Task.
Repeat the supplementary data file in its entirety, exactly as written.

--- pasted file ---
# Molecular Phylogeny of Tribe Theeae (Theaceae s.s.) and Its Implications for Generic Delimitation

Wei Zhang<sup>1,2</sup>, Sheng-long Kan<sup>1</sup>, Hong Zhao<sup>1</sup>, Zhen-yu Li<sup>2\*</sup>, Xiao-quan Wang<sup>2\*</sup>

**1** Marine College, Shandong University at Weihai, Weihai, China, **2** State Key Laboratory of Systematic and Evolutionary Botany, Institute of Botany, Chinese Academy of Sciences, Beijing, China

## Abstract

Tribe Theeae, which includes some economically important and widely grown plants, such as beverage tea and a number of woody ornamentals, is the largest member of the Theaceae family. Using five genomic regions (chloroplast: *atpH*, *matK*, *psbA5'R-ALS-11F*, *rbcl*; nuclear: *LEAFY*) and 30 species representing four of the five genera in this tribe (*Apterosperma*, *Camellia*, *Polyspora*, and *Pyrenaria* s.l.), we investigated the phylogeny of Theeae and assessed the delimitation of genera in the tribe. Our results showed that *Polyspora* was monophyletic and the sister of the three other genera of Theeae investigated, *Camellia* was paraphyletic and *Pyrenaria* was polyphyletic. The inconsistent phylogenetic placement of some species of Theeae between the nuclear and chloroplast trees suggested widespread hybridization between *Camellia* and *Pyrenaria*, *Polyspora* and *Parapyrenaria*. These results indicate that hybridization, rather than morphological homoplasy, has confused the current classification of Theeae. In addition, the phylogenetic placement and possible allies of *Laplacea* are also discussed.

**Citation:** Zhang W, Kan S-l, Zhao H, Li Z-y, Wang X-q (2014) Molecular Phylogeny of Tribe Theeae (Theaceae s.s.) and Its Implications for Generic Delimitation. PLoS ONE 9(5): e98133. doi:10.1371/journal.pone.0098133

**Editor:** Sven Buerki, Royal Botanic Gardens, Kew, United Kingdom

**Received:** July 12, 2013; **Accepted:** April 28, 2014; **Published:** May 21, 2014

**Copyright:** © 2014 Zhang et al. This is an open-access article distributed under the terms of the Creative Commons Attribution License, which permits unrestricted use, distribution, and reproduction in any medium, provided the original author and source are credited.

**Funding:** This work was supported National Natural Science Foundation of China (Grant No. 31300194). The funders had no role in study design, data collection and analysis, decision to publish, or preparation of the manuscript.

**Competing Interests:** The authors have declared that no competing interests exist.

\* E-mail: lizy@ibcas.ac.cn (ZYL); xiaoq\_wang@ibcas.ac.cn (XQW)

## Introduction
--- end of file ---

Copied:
# Molecular Phylogeny of Tribe Theeae (Theaceae s.s.) and Its Implications for Generic Delimitation

Wei Zhang<sup>1,2</sup>, Sheng-long Kan<sup>1</sup>, Hong Zhao<sup>1</sup>, Zhen-yu Li<sup>2\*</sup>, Xiao-quan Wang<sup>2\*</sup>

**1** Marine College, Shandong University at Weihai, Weihai, China, **2** State Key Laboratory of Systematic and Evolutionary Botany, Institute of Botany, Chinese Academy of Sciences, Beijing, China

## Abstract

Tribe Theeae, which includes some economically important and widely grown plants, such as beverage tea and a number of woody ornamentals, is the largest member of the Theaceae family. Using five genomic regions (chloroplast: *atpH*, *matK*, *psbA5'R-ALS-11F*, *rbcl*; nuclear: *LEAFY*) and 30 species representing four of the five genera in this tribe (*Apterosperma*, *Camellia*, *Polyspora*, and *Pyrenaria* s.l.), we investigated the phylogeny of Theeae and assessed the delimitation of genera in the tribe. Our results showed that *Polyspora* was monophyletic and the sister of the three other genera of Theeae investigated, *Camellia* was paraphyletic and *Pyrenaria* was polyphyletic. The inconsistent phylogenetic placement of some species of Theeae between the nuclear and chloroplast trees suggested widespread hybridization between *Camellia* and *Pyrenaria*, *Polyspora* and *Parapyrenaria*. These results indicate that hybridization, rather than morphological homoplasy, has confused the current classification of Theeae. In addition, the phylogenetic placement and possible allies of *Laplacea* are also discussed.

**Citation:** Zhang W, Kan S-l, Zhao H, Li Z-y, Wang X-q (2014) Molecular Phylogeny of Tribe Theeae (Theaceae s.s.) and Its Implications for Generic Delimitation. PLoS ONE 9(5): e98133. doi:10.1371/journal.pone.0098133

**Editor:** Sven Buerki, Royal Botanic Gardens, Kew, United Kingdom

**Received:** July 12, 2013; **Accepted:** April 28, 2014; **Published:** May 21, 2014

**Copyright:** © 2014 Zhang et al. This is an open-access article distributed under the terms of the Creative Commons Attribution License, which permits unrestricted use, distribution, and reproduction in any medium, provided the original author and source are credited.

**Funding:** This work was supported National Natural Science Foundation of China (Grant No. 31300194). The funders had no role in study design, data collection and analysis, decision to publish, or preparation of the manuscript.

**Competing Interests:** The authors have declared that no competing interests exist.

\* E-mail: lizy@ibcas.ac.cn (ZYL); xiaoq\_wang@ibcas.ac.cn (XQW)

## Introduction